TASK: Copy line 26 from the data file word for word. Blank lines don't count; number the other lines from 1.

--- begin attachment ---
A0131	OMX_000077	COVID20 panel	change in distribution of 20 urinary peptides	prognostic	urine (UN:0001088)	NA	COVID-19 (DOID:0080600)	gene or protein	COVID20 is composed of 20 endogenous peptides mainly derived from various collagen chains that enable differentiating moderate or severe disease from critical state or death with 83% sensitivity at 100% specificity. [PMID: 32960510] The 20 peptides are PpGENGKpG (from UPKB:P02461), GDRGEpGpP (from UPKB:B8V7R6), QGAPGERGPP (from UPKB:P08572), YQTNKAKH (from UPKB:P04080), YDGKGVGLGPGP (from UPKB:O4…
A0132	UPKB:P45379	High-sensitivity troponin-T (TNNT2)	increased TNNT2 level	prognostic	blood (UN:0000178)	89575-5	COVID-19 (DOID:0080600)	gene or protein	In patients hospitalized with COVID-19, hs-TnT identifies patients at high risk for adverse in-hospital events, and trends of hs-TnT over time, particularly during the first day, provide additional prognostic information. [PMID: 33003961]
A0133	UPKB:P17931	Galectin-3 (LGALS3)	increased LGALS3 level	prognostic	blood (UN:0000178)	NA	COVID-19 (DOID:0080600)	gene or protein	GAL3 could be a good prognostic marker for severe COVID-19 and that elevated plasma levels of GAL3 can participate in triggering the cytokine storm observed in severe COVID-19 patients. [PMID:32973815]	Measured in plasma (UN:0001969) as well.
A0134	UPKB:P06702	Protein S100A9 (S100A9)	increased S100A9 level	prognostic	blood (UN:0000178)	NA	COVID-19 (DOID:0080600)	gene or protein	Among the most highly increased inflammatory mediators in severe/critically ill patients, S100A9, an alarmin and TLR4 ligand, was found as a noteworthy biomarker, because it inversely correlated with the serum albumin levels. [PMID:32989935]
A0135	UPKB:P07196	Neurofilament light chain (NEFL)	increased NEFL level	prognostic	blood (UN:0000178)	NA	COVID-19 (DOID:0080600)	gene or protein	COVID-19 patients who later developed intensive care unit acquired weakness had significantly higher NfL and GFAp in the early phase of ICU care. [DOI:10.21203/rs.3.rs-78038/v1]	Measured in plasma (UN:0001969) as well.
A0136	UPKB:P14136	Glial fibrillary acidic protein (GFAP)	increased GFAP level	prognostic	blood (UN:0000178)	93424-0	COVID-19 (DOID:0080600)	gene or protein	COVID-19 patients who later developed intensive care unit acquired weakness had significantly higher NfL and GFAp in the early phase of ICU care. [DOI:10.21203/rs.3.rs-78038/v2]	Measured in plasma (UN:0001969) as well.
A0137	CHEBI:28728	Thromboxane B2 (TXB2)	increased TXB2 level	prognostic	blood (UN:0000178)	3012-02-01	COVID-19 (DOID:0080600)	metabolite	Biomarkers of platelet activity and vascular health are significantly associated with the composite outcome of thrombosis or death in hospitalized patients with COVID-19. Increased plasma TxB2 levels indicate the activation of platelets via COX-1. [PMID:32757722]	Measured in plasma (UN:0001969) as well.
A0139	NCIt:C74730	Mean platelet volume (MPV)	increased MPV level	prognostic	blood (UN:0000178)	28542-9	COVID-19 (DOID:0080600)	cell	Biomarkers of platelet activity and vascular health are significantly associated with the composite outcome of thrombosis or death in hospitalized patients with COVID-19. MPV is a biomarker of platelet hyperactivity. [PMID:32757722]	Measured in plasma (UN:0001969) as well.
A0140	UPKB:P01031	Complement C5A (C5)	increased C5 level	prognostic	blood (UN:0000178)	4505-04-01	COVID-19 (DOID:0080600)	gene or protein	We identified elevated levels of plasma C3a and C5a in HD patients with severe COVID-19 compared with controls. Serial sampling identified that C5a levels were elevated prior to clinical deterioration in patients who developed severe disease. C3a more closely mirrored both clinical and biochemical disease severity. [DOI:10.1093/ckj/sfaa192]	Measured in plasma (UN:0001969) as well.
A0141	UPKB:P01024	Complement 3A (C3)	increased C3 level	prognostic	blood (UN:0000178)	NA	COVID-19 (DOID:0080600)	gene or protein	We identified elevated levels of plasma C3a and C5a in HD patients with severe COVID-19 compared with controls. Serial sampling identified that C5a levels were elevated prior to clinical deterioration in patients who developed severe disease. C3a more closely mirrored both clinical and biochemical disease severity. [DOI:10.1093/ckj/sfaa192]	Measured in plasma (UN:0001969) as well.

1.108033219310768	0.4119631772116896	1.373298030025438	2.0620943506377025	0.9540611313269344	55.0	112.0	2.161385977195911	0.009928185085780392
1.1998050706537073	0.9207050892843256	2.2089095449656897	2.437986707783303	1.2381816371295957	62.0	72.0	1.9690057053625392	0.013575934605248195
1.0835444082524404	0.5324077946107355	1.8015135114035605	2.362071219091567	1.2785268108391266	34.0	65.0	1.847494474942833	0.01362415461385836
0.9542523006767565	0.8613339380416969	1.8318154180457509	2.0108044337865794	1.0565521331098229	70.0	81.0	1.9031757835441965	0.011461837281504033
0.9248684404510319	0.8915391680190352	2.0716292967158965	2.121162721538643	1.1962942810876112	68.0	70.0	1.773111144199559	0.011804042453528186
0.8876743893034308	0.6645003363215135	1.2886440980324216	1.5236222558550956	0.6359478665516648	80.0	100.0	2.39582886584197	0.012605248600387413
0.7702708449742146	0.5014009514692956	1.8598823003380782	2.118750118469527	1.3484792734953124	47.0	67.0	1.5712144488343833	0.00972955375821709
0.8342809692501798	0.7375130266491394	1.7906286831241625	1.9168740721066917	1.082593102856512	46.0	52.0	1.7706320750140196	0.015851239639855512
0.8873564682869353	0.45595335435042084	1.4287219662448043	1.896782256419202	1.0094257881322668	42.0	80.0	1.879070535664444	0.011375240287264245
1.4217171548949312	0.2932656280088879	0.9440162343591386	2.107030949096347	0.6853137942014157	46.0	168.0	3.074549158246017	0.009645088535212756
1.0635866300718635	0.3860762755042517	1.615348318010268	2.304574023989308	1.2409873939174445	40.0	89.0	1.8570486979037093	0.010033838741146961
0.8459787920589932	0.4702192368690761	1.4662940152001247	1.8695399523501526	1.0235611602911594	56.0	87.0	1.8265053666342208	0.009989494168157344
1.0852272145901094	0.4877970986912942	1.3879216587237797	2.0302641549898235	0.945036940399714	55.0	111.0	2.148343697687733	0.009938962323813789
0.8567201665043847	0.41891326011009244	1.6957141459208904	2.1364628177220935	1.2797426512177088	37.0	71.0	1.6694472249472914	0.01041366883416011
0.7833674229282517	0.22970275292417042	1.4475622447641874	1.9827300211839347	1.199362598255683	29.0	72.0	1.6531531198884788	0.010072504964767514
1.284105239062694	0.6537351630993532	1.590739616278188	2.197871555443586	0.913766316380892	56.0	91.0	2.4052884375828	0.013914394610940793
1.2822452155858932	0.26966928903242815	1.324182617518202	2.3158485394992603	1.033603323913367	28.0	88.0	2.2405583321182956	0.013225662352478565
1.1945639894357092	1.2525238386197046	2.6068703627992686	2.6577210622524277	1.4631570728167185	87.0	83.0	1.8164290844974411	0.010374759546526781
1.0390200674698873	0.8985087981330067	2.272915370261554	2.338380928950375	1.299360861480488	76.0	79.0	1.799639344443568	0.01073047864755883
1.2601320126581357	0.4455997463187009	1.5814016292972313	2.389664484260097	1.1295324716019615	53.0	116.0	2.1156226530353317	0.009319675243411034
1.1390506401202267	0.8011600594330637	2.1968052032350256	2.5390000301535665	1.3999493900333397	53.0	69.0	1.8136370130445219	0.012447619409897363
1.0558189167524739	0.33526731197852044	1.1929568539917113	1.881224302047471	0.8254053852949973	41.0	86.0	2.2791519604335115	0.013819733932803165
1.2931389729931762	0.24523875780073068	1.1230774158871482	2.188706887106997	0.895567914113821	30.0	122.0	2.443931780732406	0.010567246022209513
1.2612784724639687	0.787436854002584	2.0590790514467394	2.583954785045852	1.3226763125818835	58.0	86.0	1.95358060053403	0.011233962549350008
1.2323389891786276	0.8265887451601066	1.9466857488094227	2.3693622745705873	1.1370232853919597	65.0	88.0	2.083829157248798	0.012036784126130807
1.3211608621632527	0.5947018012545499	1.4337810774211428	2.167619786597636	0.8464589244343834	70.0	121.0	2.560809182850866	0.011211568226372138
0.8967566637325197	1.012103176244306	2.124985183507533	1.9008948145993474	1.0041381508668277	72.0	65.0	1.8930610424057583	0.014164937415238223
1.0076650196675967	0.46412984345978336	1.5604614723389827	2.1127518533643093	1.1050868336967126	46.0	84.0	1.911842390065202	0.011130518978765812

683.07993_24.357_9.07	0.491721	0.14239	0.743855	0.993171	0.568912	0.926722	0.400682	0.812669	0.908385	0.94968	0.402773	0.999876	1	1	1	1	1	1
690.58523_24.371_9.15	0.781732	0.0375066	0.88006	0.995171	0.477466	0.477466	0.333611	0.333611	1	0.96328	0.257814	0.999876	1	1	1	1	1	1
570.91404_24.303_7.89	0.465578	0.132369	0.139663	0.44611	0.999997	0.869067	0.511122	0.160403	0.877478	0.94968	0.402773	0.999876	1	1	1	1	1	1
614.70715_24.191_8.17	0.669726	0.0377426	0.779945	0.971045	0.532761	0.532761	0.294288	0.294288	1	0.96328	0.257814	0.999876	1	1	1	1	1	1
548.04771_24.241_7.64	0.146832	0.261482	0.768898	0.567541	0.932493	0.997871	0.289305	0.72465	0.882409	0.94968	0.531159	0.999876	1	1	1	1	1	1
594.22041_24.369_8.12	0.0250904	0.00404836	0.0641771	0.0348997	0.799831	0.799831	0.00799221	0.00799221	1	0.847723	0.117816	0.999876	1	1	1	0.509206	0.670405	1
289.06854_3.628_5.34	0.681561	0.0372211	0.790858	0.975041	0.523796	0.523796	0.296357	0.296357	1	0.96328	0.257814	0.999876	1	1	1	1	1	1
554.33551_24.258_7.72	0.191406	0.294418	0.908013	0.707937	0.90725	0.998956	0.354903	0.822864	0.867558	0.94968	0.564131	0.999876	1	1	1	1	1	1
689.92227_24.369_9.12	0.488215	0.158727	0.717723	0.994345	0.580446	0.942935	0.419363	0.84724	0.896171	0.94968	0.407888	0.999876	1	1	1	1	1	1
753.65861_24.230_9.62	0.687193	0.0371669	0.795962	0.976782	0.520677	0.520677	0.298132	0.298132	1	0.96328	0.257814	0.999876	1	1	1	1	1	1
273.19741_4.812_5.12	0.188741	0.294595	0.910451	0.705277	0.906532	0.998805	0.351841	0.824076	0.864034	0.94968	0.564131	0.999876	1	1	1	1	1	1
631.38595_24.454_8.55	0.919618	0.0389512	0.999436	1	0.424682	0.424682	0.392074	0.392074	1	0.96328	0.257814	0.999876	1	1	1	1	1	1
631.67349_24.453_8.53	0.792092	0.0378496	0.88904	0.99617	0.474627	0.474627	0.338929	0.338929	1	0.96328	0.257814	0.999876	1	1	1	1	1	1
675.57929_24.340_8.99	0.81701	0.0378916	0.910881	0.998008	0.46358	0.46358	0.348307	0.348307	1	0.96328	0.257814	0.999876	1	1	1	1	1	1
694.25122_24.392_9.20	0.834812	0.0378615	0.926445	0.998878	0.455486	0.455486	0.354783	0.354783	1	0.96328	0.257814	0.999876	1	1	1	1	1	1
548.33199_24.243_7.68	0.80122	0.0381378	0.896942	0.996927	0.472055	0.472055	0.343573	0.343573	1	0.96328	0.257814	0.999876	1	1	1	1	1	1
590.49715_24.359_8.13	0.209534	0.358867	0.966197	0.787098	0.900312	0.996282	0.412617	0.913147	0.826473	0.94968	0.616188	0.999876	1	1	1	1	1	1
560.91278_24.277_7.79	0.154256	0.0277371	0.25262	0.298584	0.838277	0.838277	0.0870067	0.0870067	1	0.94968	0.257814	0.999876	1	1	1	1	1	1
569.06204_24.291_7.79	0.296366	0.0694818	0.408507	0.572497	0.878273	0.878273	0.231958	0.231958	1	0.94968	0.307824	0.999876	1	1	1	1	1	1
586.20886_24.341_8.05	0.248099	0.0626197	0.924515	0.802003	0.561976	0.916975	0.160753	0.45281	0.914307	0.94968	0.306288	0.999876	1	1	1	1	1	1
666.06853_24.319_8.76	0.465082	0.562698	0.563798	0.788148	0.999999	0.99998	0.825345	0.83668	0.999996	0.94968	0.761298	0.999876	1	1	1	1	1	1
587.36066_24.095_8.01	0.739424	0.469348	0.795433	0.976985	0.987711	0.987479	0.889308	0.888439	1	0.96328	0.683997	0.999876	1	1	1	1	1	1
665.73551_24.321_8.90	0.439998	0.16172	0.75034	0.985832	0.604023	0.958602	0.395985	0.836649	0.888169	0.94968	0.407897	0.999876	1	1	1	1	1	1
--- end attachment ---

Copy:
1.284105239062694	0.6537351630993532	1.590739616278188	2.197871555443586	0.913766316380892	56.0	91.0	2.4052884375828	0.013914394610940793